GMP Diecast's smaller replica of guitarist Stevie Ray Vaughan's Fender Strat.

Eric Clapton wrote about his love for rock 'n' roll with his song "I've Got a Rock 'n' Roll Heart."

The chorus says, "I get off on '57 Chevys. I get off on screaming guitars. ..."

Although the song isn't a riff showcase like other Clapton gems like "Layla" and "Cocaine," the lyrics made his point.

While some artists can make rock and pop music without guitars — Ben Folds Five, for example — guitars are pretty much essential when it comes to most forms of rock music.

Through the years there have been great guitarists who literally changed the way rock music is played. Everyone from Chuck Berry to Jimi Hendrix to Eddie Van Halen to the aforementioned Clapton ... the list goes on.

There is one brilliant guitarist who is known throughout the rock and blues musicians circles but is somewhat underrated in the general public's mind — the late Stevie Ray Vaughan.

SRV, as I like to call him, died in a helicopter crash in 1990. But his music is alive and well. My favorite SRV tune, by the way, is his no-vocals version of Hendrix's "Little Wing." Vaughan didn't need to sing the lyrics. He just let his guitar go and flow. Even now, it brings tears to my eyes.

Anyway, I bring this up because GMP Diecast (famous for miniature cars) has released a replica of SRV's Fender Strat. It's a little smaller than Vaughan's actual ax. The officially licensed guitar is 1:3 scale and features a real wood neck, a contoured die-cast metal body, moving volume and tone controls and a flip-easy pickup switch.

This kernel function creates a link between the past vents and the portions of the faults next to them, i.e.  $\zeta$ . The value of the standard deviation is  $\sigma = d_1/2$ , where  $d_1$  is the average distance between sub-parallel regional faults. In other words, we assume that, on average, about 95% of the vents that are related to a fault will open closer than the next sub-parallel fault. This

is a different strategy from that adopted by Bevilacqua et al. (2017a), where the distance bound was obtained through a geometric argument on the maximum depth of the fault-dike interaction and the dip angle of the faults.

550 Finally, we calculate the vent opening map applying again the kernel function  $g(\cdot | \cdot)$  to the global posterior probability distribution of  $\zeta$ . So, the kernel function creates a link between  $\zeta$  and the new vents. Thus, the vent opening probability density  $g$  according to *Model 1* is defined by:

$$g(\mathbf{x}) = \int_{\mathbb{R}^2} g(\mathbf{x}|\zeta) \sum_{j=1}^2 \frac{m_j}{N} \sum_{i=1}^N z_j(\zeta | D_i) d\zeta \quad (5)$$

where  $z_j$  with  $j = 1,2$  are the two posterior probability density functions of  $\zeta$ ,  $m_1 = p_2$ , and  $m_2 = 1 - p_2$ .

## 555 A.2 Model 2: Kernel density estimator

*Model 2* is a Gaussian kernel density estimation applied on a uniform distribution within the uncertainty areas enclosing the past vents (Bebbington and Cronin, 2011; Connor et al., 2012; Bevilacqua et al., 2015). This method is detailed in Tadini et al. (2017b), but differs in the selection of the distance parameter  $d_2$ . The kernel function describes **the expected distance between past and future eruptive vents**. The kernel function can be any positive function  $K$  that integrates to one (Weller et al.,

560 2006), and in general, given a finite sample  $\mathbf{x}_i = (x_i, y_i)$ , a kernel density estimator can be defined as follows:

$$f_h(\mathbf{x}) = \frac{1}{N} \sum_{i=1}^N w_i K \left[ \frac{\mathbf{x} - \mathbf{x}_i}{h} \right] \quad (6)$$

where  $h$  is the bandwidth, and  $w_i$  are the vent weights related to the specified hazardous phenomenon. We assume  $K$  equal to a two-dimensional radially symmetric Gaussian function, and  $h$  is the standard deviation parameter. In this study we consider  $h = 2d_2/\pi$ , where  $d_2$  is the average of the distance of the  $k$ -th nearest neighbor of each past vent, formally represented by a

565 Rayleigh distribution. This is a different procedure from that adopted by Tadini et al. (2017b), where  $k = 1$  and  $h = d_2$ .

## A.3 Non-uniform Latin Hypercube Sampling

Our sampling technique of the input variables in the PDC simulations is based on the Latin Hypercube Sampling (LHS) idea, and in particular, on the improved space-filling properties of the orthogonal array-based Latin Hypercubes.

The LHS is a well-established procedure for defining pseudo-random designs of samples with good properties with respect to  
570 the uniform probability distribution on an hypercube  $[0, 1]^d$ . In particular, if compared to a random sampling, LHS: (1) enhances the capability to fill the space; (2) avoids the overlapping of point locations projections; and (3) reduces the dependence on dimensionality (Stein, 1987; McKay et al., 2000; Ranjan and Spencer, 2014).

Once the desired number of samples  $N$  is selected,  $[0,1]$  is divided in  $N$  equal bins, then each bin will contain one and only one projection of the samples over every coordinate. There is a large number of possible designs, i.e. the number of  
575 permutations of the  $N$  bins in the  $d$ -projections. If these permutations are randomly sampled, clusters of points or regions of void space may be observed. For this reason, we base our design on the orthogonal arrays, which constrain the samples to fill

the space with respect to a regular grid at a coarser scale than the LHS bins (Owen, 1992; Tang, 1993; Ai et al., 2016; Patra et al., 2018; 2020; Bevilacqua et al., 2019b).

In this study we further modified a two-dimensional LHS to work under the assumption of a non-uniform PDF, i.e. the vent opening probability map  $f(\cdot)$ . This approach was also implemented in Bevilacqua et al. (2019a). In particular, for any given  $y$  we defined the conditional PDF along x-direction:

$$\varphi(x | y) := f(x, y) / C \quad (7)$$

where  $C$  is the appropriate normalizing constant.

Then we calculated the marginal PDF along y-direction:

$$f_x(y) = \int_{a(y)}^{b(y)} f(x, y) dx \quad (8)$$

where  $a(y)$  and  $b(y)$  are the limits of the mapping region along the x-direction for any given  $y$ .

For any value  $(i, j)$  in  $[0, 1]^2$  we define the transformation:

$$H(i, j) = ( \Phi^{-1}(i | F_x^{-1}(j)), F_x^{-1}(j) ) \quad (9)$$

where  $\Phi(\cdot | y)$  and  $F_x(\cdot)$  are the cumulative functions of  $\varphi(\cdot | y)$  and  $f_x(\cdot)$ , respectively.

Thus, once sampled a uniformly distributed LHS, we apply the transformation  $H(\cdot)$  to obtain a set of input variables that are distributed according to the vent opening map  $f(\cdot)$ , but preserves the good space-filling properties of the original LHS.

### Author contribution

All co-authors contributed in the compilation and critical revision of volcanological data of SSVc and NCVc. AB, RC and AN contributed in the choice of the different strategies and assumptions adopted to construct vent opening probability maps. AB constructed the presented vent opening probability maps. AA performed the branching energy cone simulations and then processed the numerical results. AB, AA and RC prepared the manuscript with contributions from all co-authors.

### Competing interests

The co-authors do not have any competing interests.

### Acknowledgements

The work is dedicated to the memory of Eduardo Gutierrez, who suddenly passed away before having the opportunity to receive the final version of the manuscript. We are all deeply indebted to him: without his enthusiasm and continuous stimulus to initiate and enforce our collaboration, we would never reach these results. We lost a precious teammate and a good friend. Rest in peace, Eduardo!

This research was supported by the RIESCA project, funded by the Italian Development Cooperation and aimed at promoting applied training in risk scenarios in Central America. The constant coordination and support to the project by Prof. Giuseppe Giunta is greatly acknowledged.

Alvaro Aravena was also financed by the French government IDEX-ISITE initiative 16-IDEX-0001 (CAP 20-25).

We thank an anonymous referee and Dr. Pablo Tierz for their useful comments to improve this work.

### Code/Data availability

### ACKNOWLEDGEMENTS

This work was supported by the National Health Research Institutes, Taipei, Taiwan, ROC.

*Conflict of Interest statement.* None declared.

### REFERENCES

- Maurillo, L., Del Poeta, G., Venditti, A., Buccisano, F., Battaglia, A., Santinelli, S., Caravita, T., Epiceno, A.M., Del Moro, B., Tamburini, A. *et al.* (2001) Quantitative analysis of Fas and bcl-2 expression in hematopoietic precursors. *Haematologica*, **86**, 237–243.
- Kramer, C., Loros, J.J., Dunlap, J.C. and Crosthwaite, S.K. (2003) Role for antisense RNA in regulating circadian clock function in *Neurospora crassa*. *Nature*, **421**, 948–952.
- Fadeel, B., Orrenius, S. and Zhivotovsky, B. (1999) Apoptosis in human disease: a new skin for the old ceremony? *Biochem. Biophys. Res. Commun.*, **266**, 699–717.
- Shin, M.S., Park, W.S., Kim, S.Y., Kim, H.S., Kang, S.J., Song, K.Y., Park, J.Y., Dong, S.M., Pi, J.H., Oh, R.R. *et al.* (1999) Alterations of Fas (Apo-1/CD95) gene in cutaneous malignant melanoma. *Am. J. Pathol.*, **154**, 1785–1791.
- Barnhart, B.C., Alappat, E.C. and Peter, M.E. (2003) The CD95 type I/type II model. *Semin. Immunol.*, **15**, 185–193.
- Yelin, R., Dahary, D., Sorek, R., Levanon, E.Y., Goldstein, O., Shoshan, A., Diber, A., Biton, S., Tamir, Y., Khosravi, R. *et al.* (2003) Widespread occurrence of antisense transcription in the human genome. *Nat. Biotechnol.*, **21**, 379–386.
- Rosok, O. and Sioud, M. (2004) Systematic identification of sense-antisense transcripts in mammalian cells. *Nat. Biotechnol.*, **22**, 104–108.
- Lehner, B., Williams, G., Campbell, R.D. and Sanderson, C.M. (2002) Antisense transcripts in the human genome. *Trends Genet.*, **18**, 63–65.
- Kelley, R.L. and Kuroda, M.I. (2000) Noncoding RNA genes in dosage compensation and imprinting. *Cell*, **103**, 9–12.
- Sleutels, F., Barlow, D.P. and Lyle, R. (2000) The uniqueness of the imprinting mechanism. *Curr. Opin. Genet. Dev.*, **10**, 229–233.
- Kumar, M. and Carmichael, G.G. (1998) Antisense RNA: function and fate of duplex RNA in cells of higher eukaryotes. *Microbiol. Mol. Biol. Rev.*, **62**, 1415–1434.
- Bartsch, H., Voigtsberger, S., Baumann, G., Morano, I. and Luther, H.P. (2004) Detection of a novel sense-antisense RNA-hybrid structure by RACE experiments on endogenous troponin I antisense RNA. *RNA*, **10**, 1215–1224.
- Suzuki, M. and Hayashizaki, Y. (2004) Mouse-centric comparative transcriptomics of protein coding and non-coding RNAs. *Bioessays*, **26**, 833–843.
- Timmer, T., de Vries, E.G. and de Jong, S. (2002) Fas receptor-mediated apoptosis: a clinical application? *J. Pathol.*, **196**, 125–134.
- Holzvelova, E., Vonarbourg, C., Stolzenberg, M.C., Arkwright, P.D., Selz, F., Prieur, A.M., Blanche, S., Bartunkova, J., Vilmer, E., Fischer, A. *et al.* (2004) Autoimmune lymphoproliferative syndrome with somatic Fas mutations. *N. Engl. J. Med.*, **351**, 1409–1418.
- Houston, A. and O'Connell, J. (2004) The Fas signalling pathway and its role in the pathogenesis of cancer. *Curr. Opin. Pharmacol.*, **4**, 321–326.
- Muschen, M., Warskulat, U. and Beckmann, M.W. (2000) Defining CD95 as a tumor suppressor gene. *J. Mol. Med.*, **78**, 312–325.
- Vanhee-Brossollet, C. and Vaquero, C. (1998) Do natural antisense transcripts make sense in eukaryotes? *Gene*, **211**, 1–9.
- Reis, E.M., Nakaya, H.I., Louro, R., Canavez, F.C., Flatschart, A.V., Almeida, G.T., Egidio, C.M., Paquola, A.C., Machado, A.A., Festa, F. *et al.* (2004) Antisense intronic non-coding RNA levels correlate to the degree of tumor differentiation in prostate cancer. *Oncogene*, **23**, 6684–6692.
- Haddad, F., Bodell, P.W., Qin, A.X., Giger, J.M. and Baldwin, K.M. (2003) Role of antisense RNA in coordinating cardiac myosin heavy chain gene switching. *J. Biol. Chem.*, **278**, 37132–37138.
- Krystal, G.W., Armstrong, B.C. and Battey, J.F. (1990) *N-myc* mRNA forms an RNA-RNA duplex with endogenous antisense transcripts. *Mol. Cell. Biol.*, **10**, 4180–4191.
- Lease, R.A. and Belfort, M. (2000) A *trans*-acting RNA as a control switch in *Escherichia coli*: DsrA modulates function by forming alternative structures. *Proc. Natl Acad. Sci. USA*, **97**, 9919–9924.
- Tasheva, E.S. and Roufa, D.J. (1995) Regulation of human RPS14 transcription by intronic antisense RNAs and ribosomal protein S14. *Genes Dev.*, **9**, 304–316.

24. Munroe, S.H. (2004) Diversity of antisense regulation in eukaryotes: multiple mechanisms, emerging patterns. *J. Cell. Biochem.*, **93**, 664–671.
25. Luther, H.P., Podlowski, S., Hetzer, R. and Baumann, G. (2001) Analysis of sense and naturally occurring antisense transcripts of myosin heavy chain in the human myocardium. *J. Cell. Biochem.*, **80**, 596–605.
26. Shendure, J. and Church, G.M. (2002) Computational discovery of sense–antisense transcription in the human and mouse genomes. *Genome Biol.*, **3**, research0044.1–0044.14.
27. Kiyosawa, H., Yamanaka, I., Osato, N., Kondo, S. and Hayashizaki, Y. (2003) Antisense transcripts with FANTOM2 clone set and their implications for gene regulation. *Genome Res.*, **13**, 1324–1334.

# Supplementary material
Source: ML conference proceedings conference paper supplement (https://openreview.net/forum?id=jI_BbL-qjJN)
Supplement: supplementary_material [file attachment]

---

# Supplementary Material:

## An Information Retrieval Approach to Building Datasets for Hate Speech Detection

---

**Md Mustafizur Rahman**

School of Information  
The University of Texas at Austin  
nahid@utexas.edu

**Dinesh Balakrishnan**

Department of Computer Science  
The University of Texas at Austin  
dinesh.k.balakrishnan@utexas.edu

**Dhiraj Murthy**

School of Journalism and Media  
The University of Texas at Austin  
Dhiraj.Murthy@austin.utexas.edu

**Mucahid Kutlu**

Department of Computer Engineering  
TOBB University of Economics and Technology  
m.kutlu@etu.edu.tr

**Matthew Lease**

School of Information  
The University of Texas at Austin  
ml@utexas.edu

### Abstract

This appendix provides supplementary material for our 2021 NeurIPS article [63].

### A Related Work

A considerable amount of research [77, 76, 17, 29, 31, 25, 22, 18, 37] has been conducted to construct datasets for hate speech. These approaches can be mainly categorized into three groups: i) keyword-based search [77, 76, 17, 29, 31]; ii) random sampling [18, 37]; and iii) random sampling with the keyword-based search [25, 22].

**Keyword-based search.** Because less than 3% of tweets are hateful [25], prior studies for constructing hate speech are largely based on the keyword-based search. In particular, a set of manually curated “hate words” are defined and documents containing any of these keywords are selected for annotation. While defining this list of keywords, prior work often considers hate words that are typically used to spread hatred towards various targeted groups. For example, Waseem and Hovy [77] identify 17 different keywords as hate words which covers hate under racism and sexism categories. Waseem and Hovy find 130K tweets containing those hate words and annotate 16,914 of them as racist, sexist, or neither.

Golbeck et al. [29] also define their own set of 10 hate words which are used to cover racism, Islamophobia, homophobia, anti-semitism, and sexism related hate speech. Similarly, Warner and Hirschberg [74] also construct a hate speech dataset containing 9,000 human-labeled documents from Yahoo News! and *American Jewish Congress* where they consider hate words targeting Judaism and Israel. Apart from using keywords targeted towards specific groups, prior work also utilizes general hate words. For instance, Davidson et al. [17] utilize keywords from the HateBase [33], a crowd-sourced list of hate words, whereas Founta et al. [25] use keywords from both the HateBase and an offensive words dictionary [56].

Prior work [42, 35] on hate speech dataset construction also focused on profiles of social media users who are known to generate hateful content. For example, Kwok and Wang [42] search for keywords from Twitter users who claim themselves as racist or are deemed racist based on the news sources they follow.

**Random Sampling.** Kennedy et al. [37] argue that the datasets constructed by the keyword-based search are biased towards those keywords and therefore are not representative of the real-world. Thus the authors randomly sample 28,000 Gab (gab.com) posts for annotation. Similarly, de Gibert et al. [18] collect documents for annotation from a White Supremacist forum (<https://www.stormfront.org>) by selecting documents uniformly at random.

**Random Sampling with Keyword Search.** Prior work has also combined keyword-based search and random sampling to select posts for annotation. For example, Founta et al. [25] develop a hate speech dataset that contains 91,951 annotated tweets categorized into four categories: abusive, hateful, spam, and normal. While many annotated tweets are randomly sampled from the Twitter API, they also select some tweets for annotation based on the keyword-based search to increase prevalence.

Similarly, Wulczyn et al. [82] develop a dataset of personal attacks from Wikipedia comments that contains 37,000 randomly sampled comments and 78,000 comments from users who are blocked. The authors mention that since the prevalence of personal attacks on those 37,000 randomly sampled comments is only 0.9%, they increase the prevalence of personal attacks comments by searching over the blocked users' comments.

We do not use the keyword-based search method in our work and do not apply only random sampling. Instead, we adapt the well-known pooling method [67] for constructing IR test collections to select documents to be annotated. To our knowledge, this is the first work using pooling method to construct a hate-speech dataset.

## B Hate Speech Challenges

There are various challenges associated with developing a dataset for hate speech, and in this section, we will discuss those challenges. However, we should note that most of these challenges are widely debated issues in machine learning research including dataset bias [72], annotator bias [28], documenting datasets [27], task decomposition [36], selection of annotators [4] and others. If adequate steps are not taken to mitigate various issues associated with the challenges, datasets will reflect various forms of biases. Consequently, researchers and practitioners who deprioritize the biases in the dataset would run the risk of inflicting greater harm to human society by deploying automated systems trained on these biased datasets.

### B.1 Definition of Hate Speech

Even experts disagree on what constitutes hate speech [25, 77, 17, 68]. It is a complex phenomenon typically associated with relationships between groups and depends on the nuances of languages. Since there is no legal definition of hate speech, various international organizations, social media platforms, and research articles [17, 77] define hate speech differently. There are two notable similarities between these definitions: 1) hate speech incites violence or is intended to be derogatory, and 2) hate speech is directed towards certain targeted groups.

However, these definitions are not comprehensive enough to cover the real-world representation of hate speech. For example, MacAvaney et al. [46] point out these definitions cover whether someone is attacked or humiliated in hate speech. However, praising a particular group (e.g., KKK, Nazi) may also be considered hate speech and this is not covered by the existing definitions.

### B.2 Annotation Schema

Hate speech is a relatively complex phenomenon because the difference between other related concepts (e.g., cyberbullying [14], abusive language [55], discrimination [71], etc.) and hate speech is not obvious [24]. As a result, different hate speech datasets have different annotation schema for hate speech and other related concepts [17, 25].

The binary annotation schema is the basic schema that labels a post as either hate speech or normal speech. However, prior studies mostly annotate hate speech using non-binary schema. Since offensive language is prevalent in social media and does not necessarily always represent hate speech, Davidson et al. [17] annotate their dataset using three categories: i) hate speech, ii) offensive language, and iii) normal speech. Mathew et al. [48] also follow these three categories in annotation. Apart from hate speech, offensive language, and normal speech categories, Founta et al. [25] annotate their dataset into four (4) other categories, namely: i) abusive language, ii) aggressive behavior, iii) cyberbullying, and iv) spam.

It also has real steel strings and a whammy bar.

The finish is as close to the original wood finish as possible and comes with a wall mount, a display stand and a collector's box.

It is available for $99.95 and can be preordered at

IF THE MINI SRV STRAT is a little too costly for you, there is another way to enjoy looking at some cool vintage guitars.

Author David Schiller, who penned "The Little Zen Companion," has released a minibook called "Guitars: A Celebration of Pure Mojo" through Workman Publishing.

This handbook — it literally fits in the palm of your hand — is 520 pages about guitars. With full-color photos, thoughtful insights and brief artist biographies, this is the perfect gift for any guitar lover.

Pix of rare turn-of-the-century Martins to the current and somewhat abstract Teuffel Tesla models are just a couple of beauties featured in the book.

Artist profiles of Bob Dylan, Clapton, classical guitar greats John Williams (not the "Star Wars" composer) and Sharon Isbin give a little insight on their guitars and styles.

The classic Gibson Les Paul, the Fenders and the Kramers are all represented throughout these colorful pages.

So let us take a moment to honor the guitar. Without these versatile instruments, music in the modern world would not be what it is.

And, to me, that's a good thing.